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Archive for September, 2013

The Rhythms of A Season

Every season has its rhythms and humans like the animals in nature tend to respond to them. The crisp, cool nights and mornings are made even more sharp and chilly when the house has no heat. What began as an Autumnal choice to snuggle under sheets and fluffy comforter Sunday morning turned into a necessity when I realized the heat to half the house went out sometime overnight. The Skipper called the company that services our heating system but said no one answered the phone. Surely, they have an emergency number, I said. The Skipper said he didn’t think our lack of heat was an emergency. Every season has its rhythms. The day will warm and heat the house and we’ll be fine. Yarn Rascal sneezed twice.

The day did become tepid, like a cup of tea that is neither hot nor cold. The house remained cool. I reintroduced the idea of calling the emergency number. The Skipper said we have a fireplace. This isn’t the 1700s, I said. Yarn Rascal sneezed some more. Our attention was then diverted. Although the day was lukewarm, the temperature of the air behind the outside shutters of the bedroom windows upstairs must have been positively Caribbean. Suddenly Stink Bugs seemed to buzz everywhere inside the room. Yarn Rascal had playmates. The Skipper said it’s that time of year when they (the Stink Bugs) come indoors looking to winter over where it is warm. Well, aren’t they going to be disappointed, I said. Yarn Rascal sneezed and frolicked.

The Skipper has a number of shop vacs that he loves. If there is a problem with anything functioning in the house his go to items are duct tape and a shop vac. While trying to gather Stink Bugs put them outside and keep the sneezing Yarn Rascal from putting them in his mouth, The Skipper returns lugging one of the bigger shop vacs. The Skipper said, I’ve got this. Tell me you’re not going to massacre all these bugs. It’s bad karma, I said. Just when I was warming to my explanation of bad karma, out of the corner of my eye I caught the flash of white that is Yarn Rascal with what looked like a blue head.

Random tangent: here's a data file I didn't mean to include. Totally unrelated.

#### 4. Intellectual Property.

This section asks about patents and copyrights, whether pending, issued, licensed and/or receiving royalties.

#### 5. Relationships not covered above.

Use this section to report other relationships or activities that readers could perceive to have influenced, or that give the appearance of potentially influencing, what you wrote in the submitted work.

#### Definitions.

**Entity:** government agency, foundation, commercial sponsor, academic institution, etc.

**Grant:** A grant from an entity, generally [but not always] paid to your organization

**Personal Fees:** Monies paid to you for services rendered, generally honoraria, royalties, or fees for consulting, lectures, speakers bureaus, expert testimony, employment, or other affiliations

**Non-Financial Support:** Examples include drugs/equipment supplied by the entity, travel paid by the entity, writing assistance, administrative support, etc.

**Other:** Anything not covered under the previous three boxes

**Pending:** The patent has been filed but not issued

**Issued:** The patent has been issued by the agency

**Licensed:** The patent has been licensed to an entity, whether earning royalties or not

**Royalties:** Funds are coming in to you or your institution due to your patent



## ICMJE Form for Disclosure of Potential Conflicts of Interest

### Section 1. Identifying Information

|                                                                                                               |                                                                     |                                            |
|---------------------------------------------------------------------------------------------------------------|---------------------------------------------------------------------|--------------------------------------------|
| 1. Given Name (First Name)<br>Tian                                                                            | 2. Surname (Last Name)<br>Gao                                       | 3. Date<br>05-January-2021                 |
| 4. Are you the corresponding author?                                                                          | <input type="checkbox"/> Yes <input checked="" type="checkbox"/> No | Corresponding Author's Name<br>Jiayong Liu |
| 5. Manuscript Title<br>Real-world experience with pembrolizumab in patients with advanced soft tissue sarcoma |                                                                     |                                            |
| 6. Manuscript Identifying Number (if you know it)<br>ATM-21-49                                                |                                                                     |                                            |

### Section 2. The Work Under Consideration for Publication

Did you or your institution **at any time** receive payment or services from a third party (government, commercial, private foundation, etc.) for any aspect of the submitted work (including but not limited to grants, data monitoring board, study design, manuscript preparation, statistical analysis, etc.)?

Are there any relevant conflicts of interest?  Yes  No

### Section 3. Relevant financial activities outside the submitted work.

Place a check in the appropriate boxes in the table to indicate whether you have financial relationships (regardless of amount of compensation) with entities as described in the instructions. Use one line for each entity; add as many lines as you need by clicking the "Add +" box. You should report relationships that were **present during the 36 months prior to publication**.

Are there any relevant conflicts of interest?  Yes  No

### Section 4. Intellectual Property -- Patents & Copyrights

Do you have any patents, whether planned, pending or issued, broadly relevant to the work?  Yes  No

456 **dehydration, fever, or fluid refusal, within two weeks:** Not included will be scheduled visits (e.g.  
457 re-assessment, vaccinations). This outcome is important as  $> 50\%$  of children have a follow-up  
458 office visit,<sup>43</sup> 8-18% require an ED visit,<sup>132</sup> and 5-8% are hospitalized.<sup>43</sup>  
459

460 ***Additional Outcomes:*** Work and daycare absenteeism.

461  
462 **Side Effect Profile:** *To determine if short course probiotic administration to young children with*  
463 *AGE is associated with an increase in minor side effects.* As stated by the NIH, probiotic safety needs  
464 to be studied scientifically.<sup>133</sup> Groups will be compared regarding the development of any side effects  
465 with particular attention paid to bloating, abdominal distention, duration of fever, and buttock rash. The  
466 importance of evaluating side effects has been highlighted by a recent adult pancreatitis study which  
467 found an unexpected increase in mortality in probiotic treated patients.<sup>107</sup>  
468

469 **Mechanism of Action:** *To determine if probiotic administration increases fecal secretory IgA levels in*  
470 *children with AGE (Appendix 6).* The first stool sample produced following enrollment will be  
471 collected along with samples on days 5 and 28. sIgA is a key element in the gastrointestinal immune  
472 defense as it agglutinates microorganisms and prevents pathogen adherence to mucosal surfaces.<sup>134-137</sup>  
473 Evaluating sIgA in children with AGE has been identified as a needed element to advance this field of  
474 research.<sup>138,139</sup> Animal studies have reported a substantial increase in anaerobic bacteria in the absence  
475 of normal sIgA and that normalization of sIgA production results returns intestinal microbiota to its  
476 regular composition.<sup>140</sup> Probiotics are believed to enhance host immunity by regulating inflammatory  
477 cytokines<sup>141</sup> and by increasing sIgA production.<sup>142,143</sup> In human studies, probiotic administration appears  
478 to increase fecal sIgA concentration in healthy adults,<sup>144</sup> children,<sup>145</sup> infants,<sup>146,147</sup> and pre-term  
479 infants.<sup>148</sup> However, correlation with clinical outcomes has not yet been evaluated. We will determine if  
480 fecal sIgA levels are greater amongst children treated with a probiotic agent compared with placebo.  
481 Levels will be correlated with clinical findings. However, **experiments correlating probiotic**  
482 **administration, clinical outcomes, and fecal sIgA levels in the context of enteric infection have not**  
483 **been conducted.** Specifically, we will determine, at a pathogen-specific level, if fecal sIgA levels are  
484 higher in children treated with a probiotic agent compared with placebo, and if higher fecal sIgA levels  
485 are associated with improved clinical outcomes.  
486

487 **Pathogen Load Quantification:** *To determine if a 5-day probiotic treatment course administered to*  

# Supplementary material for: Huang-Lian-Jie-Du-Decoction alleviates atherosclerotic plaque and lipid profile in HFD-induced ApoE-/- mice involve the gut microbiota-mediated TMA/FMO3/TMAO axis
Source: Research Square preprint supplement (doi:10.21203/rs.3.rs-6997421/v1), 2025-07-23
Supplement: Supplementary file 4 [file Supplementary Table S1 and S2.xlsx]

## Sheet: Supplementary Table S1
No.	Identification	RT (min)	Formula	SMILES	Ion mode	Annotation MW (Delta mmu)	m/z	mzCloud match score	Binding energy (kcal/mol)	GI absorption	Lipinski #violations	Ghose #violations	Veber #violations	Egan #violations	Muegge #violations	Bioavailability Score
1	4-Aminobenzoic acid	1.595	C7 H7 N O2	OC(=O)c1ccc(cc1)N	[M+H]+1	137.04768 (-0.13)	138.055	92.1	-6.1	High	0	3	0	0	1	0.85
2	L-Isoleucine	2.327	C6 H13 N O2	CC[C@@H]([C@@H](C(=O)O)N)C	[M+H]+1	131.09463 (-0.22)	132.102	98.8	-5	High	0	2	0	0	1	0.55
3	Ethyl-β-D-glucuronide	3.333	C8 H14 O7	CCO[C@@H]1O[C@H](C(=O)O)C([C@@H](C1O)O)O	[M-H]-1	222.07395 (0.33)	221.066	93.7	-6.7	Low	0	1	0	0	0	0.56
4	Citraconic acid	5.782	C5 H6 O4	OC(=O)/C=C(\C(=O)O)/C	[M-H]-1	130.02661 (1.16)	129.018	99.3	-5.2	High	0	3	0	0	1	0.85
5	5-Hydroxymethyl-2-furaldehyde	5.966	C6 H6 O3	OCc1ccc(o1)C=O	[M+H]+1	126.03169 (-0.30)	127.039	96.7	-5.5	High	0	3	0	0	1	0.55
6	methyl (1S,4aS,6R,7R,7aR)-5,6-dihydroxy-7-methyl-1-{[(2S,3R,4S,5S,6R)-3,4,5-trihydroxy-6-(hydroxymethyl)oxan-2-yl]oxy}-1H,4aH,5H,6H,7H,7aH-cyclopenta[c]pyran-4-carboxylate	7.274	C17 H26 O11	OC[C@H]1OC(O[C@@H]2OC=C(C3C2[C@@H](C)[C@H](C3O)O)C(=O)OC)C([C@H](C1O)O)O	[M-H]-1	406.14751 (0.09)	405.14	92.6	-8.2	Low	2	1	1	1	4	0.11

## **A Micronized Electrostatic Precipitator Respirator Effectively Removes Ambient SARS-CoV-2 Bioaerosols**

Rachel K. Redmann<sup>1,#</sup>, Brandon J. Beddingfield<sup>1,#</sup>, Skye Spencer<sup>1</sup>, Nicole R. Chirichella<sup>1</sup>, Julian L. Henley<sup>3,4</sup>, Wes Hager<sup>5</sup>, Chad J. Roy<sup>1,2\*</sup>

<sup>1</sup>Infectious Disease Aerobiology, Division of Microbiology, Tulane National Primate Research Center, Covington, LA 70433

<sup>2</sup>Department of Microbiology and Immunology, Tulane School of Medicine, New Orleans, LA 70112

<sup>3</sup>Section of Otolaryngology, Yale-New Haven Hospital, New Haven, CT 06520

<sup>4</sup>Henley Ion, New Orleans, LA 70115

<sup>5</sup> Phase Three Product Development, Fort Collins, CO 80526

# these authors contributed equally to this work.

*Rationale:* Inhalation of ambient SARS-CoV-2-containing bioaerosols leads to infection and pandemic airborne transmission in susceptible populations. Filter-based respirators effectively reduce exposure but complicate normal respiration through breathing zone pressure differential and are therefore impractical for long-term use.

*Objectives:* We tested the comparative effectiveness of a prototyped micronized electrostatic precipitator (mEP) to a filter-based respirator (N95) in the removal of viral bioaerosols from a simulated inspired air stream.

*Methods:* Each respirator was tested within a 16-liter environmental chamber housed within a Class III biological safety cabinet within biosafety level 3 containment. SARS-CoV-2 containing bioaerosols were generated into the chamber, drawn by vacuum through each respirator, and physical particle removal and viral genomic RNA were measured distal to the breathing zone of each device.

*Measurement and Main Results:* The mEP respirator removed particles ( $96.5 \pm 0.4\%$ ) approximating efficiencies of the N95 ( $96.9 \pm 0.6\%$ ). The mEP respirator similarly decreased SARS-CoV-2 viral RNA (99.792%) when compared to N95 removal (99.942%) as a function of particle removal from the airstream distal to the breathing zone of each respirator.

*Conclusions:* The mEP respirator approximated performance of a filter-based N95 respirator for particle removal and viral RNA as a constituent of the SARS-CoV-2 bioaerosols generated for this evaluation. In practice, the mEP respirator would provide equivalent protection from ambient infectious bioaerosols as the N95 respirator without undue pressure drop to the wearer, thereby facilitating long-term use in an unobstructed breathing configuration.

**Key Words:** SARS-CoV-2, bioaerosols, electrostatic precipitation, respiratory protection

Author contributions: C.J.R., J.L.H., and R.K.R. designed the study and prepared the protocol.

Focused on Yarn Rascal now I ran down the stairs after him, which immediately violated three rules I learned from my obsessive watching of Dog Whisperer episodes: Don’t chase the dog. Remain calm. Remain in control. As I stumbled on the last two steps, I saw Yarn Rascal round the bend like a Ferrari and disappear into the kitchen with what looked like, but couldn’t be, strands of blue yarn fluttering around his body. From above, I heard the shop vac roar into life and I was caught between save the bugs or save the dog. Yarn Rascal has had two hospital stays because of stomach problems, and I am desperately trying to teach him not to put everything in his mouth and eat it.

I captured Yarn Rascal in the corner of the back room beyond the kitchen. I had closed every door I had gone through so there was no escape. None of it really mattered. Yarn Rascal had tangled all four legs and his body in the skein of blue yarn. I calmed him down and began extrication. I don’t know where he stole the yarn from, I don’t even recognize the yarn. Now it lays a snarled, twisted mess of mystery yarn on the kitchen table.

This morning the man came to service the heat. It seems the wires leading into our thermostat were nibbled on and hence disconnected. I hope whatever it was didn’t electrocute itself, I said, then went upstairs. I picked two Stink Bugs off the windowsill and placed them outside as The Skipper called up to me that he was heading to the hardware store. Make sure they are Have-A-Heart traps, I replied. I know exactly what he is up to. In the meanwhile, I am calling the vet. Yarn Rascal is still sneezing. Yes, it is all the rhythm of the season.

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I must get myself a new camera. I am reluctantly using the Skipper’s at the moment and while it takes great pictures for him, it doesn’t give me what I want. I’m used to ones where I can fiddle with the f-stop, aperture opening, etc. Point and shoot is wonderful, but I can’t get the hang of it. I studied photography in college, back in the days when cameras used film. The amount of time I spent per week in a dark room developing film and pictures was quite a bit. It is slightly hair raising to think about it now, but nary a thought was given to inhaling or being around all those chemicals then. I must admit, there is something magical about watching a picture come alive from a blank piece of paper, taking it through its chemical baths to stop the various processes just at the right moments. Nostalgia.

Here is the November Woods Shawl I made during Hurricane Sandy.

november woods shawl